Tuesday, 31 January 2017

Development : Simple Versus Complex

I have been reading some of Alan Turings works, specifically some of his work for the NPL in the late 40's and early 50's, before he went to Manchester in frustration with the NPL's lack of progress with his ideas.

One of the ideas Turing was pressing at the time was to do as much as he could in software, don't jump to hardware solutions; which at the time fixed the functionality of the machine to a single purpose; instead he wanted a general computing device he could put to any uses he desired.

Today the average programmer, hobbyist or indeed employed software worker, such as myself, don't have the opportunity to define new hardware for a bespoke task, indeed the machines we are driving are far more powerful than Turing ever imagined and we can do as Turing suggested, we can write software to get around an issue.

You need encryption, why pay to plug in a dongle doing this, when the processor you have is equipped to do the task for you, indeed some processors even have encryption instructions and powerful parallelism built into assist in such work!

So today's lesson is, take on board Turing's ideas, do in software as much as you can, even if you want to later move to real hardware emulate your idea now.  Here's a very good example:

nVidia's emulation lab is an extreme example, however, it is indicative of the kind of problems we are meeting today as older engineers are coming away from dedicated hardware devices (because their machines were too slow in the 1990's) and we have today's extremely powerful machines right there at our finger tips.

Why does this exist?
Last week I set about looking at a quite old system (circa 2008 it was last attended to) it contains a message passing system, which allows passing of messages (events if you will) between producers in any process to consumers in any other process subscribed to the service.  It did this with a windows service driver, which called down into a USB dongle to queue the message.

The consumers then polled the USB device (round robin style) to determine if the next message was for that consumer... You might imagine this was extremely slow.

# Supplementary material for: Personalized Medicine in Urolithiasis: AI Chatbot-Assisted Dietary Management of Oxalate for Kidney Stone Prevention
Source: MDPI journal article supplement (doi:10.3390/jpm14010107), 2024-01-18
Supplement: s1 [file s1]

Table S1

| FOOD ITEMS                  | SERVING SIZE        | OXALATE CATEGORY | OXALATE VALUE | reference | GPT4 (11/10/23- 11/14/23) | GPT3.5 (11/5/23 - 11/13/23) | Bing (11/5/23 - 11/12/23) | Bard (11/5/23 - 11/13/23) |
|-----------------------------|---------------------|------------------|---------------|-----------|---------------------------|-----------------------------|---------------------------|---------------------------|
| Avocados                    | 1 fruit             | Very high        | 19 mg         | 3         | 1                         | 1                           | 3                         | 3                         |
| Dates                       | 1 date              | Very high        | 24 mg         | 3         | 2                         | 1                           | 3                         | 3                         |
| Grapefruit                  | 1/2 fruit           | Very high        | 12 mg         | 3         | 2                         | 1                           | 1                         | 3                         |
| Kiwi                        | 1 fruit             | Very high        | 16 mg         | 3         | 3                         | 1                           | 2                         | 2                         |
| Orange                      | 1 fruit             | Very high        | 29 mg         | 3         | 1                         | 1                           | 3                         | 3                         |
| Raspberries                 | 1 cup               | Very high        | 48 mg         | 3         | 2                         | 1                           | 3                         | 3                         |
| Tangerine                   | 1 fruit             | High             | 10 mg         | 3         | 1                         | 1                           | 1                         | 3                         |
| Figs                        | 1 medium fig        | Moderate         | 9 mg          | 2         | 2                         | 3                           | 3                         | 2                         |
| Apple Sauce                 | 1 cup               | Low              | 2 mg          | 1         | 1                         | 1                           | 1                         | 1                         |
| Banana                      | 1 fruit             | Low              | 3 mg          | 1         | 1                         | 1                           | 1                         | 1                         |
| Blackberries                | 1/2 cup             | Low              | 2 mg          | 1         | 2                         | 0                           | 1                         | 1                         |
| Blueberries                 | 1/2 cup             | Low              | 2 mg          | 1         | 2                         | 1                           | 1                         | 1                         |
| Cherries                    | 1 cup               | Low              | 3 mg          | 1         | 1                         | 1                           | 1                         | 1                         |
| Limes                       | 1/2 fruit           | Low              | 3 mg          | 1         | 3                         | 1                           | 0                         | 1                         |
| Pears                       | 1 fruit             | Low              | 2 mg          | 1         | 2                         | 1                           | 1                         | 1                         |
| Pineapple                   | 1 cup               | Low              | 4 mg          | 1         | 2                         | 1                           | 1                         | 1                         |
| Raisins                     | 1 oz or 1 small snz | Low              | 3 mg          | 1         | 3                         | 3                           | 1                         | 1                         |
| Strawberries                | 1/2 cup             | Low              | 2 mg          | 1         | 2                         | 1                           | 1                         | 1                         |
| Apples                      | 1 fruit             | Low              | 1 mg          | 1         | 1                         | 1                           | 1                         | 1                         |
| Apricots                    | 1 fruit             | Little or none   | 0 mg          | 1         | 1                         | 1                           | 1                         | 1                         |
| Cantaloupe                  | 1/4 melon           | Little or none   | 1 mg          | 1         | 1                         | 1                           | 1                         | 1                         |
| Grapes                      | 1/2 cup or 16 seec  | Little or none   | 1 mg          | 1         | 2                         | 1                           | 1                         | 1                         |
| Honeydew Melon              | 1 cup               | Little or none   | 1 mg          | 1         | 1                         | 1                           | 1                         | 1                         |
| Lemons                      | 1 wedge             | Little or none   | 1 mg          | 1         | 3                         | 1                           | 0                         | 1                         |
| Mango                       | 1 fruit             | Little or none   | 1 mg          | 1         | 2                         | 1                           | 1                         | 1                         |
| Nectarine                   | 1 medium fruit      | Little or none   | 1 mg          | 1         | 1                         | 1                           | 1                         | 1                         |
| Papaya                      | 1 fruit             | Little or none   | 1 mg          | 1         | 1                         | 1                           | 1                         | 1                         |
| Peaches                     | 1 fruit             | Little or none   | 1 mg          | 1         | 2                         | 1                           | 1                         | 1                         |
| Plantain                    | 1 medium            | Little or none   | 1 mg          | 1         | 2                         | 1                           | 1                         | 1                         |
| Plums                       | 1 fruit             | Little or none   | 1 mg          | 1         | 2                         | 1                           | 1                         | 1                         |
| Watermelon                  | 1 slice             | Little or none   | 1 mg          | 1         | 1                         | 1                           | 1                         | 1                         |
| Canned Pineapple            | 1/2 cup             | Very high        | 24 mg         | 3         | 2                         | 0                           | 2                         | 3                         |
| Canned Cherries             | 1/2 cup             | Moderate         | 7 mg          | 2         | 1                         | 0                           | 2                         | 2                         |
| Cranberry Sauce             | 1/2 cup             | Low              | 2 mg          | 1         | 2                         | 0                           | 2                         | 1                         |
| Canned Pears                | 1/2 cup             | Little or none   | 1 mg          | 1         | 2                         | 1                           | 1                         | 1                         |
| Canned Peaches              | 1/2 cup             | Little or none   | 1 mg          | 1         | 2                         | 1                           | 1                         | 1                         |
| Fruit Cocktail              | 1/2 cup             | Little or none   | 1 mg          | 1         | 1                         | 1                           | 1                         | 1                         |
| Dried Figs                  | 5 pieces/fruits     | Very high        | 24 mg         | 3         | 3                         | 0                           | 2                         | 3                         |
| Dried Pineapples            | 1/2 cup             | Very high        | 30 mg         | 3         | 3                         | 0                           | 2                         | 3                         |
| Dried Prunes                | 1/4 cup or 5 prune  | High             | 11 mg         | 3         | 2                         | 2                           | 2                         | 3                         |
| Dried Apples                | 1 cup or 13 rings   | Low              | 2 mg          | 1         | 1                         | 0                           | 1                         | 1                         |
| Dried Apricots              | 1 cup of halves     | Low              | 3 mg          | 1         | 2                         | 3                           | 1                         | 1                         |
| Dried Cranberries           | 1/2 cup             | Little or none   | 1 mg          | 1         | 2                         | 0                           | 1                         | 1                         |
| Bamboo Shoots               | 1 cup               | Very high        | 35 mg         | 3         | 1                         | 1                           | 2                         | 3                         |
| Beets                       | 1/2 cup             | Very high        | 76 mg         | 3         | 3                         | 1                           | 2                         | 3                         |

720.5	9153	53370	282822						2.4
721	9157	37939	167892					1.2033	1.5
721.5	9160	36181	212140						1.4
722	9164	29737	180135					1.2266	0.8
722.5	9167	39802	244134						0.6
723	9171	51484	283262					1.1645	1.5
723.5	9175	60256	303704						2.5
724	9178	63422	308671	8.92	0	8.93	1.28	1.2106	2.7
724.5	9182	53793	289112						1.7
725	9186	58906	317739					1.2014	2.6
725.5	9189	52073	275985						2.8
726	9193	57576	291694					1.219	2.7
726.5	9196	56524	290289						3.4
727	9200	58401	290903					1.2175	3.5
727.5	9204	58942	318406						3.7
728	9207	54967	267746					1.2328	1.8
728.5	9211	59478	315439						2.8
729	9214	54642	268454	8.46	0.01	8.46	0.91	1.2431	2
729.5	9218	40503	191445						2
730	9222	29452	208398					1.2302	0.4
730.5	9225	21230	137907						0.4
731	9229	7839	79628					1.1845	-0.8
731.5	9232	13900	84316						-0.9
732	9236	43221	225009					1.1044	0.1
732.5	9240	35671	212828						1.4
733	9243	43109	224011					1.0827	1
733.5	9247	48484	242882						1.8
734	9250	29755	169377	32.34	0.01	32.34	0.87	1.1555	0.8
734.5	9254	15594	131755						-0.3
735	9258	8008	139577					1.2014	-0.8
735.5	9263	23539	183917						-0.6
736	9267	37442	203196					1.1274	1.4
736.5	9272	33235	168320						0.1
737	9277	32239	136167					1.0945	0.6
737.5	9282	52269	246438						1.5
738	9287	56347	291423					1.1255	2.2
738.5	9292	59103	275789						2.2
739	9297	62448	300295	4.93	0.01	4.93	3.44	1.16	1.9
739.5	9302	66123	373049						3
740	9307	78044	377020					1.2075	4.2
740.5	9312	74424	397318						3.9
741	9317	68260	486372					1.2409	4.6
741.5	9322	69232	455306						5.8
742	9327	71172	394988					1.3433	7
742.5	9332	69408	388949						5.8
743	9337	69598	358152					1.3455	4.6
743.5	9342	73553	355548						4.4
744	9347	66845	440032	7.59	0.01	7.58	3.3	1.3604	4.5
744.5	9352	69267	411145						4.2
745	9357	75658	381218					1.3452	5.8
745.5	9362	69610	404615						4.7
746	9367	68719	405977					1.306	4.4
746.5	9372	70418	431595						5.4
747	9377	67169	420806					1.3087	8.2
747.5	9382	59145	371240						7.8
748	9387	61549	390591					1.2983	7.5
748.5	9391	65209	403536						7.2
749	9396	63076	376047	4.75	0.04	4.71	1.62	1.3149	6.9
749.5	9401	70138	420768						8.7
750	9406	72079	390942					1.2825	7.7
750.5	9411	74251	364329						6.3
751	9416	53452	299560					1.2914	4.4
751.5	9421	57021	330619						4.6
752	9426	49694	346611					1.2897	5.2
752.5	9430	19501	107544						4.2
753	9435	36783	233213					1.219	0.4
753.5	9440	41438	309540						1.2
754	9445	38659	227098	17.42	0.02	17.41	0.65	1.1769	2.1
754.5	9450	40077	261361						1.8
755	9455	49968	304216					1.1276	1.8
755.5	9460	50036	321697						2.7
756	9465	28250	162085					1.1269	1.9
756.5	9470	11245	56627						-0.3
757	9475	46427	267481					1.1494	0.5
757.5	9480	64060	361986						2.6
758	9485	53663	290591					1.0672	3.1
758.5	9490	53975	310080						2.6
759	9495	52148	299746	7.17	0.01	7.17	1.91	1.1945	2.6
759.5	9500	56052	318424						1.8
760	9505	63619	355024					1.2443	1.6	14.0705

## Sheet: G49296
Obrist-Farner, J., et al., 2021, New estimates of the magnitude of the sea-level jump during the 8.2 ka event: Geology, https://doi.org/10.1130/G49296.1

It was also very complex, the code within the USB dongles was not mutable; being set in silicon; and the consumers could end up locked out of the service queue by a message being present for a consumer which was not able to consume the message.

This clearly needed replacing.... So, I had to look at it, a single afternoon, it was just extremely complex inside, so one had to take a step back, don't look at the contents of the code, look at the API, the functions being used....

The producer code relies on just three functions and the consumer relied on a thread safe queue which was woken up from a spin wait to call the registered consuming function... Not rocket science.

I set about writing new code with a very simple UDP server and clients, taking the message in, converting it to XML and posting it to the loopback IP Address of the master UDP listening port which then sent it out to the listening consumers on their loopback IP and port number.

Voila, in an afternoon, I had replaced five years (ish) of complex, hard to maintain code, with a working prototype of a solution.  And it dropped straight into place.  The dedicated, slow, old, hardware could be unplugged and the system just carried on as it always had.

The customer for this product is delighted to see it running faster, and the overhead of the hardware costs being removed.  All by simply doing in software something which was being offloaded to hardware in yester-year.

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